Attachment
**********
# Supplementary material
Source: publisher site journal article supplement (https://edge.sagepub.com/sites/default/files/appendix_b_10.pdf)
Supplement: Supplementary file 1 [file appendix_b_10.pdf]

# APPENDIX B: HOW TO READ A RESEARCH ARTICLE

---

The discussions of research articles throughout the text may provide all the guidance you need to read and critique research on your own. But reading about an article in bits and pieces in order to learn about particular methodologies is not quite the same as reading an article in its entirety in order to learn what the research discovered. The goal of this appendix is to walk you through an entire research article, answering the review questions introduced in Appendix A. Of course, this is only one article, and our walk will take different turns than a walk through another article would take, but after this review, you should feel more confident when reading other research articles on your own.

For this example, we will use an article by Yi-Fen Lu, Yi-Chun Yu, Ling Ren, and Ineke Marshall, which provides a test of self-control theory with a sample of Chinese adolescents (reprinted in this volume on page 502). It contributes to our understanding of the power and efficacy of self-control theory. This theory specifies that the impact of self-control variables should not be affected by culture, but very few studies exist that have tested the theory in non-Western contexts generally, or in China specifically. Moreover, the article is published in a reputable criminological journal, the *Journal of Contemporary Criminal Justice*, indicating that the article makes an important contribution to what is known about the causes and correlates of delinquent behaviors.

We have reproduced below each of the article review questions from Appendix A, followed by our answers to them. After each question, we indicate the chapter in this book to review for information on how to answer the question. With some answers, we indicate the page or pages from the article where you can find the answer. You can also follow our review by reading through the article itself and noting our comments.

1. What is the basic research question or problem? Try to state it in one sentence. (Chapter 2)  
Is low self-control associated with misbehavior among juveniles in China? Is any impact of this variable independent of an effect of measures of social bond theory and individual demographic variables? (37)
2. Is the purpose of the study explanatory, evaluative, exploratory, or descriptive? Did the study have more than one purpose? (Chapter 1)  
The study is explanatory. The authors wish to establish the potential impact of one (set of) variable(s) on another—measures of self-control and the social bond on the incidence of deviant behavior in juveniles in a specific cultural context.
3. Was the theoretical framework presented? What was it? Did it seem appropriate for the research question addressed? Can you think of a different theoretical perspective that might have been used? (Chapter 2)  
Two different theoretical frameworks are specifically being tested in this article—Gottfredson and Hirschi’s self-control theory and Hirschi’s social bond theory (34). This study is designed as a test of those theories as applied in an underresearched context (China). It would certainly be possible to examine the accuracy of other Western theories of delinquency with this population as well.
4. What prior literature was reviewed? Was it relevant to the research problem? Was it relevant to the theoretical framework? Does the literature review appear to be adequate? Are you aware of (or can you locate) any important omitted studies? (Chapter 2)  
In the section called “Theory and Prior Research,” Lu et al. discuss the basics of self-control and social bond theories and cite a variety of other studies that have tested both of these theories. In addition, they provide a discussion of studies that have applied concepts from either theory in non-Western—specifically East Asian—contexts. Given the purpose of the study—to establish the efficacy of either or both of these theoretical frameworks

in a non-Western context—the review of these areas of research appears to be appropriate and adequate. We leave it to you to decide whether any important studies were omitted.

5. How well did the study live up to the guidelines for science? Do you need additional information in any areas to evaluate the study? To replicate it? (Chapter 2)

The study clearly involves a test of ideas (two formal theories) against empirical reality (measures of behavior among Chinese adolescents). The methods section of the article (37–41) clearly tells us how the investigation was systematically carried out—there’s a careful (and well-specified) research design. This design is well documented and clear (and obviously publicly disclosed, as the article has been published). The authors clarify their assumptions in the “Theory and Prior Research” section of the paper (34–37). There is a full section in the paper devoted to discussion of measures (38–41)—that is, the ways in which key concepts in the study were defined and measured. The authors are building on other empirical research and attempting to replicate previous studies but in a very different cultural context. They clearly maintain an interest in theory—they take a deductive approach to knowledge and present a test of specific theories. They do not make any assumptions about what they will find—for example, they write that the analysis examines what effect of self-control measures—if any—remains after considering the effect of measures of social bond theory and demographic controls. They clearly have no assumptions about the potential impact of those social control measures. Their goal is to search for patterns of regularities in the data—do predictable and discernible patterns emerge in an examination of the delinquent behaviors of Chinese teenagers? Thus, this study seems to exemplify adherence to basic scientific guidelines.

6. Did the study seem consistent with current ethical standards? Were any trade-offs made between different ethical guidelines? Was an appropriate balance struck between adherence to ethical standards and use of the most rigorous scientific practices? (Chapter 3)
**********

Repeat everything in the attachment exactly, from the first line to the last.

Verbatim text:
# Supplementary material
Source: publisher site journal article supplement (https://edge.sagepub.com/sites/default/files/appendix_b_10.pdf)
Supplement: Supplementary file 1 [file appendix_b_10.pdf]

# APPENDIX B: HOW TO READ A RESEARCH ARTICLE

---

The discussions of research articles throughout the text may provide all the guidance you need to read and critique research on your own. But reading about an article in bits and pieces in order to learn about particular methodologies is not quite the same as reading an article in its entirety in order to learn what the research discovered. The goal of this appendix is to walk you through an entire research article, answering the review questions introduced in Appendix A. Of course, this is only one article, and our walk will take different turns than a walk through another article would take, but after this review, you should feel more confident when reading other research articles on your own.

For this example, we will use an article by Yi-Fen Lu, Yi-Chun Yu, Ling Ren, and Ineke Marshall, which provides a test of self-control theory with a sample of Chinese adolescents (reprinted in this volume on page 502). It contributes to our understanding of the power and efficacy of self-control theory. This theory specifies that the impact of self-control variables should not be affected by culture, but very few studies exist that have tested the theory in non-Western contexts generally, or in China specifically. Moreover, the article is published in a reputable criminological journal, the *Journal of Contemporary Criminal Justice*, indicating that the article makes an important contribution to what is known about the causes and correlates of delinquent behaviors.

We have reproduced below each of the article review questions from Appendix A, followed by our answers to them. After each question, we indicate the chapter in this book to review for information on how to answer the question. With some answers, we indicate the page or pages from the article where you can find the answer. You can also follow our review by reading through the article itself and noting our comments.

1. What is the basic research question or problem? Try to state it in one sentence. (Chapter 2)  
Is low self-control associated with misbehavior among juveniles in China? Is any impact of this variable independent of an effect of measures of social bond theory and individual demographic variables? (37)
2. Is the purpose of the study explanatory, evaluative, exploratory, or descriptive? Did the study have more than one purpose? (Chapter 1)  
The study is explanatory. The authors wish to establish the potential impact of one (set of) variable(s) on another—measures of self-control and the social bond on the incidence of deviant behavior in juveniles in a specific cultural context.
3. Was the theoretical framework presented? What was it? Did it seem appropriate for the research question addressed? Can you think of a different theoretical perspective that might have been used? (Chapter 2)  
Two different theoretical frameworks are specifically being tested in this article—Gottfredson and Hirschi’s self-control theory and Hirschi’s social bond theory (34). This study is designed as a test of those theories as applied in an underresearched context (China). It would certainly be possible to examine the accuracy of other Western theories of delinquency with this population as well.
4. What prior literature was reviewed? Was it relevant to the research problem? Was it relevant to the theoretical framework? Does the literature review appear to be adequate? Are you aware of (or can you locate) any important omitted studies? (Chapter 2)  
In the section called “Theory and Prior Research,” Lu et al. discuss the basics of self-control and social bond theories and cite a variety of other studies that have tested both of these theories. In addition, they provide a discussion of studies that have applied concepts from either theory in non-Western—specifically East Asian—contexts. Given the purpose of the study—to establish the efficacy of either or both of these theoretical frameworks

in a non-Western context—the review of these areas of research appears to be appropriate and adequate. We leave it to you to decide whether any important studies were omitted.

5. How well did the study live up to the guidelines for science? Do you need additional information in any areas to evaluate the study? To replicate it? (Chapter 2)

The study clearly involves a test of ideas (two formal theories) against empirical reality (measures of behavior among Chinese adolescents). The methods section of the article (37–41) clearly tells us how the investigation was systematically carried out—there’s a careful (and well-specified) research design. This design is well documented and clear (and obviously publicly disclosed, as the article has been published). The authors clarify their assumptions in the “Theory and Prior Research” section of the paper (34–37). There is a full section in the paper devoted to discussion of measures (38–41)—that is, the ways in which key concepts in the study were defined and measured. The authors are building on other empirical research and attempting to replicate previous studies but in a very different cultural context. They clearly maintain an interest in theory—they take a deductive approach to knowledge and present a test of specific theories. They do not make any assumptions about what they will find—for example, they write that the analysis examines what effect of self-control measures—if any—remains after considering the effect of measures of social bond theory and demographic controls. They clearly have no assumptions about the potential impact of those social control measures. Their goal is to search for patterns of regularities in the data—do predictable and discernible patterns emerge in an examination of the delinquent behaviors of Chinese teenagers? Thus, this study seems to exemplify adherence to basic scientific guidelines.

6. Did the study seem consistent with current ethical standards? Were any trade-offs made between different ethical guidelines? Was an appropriate balance struck between adherence to ethical standards and use of the most rigorous scientific practices? (Chapter 3)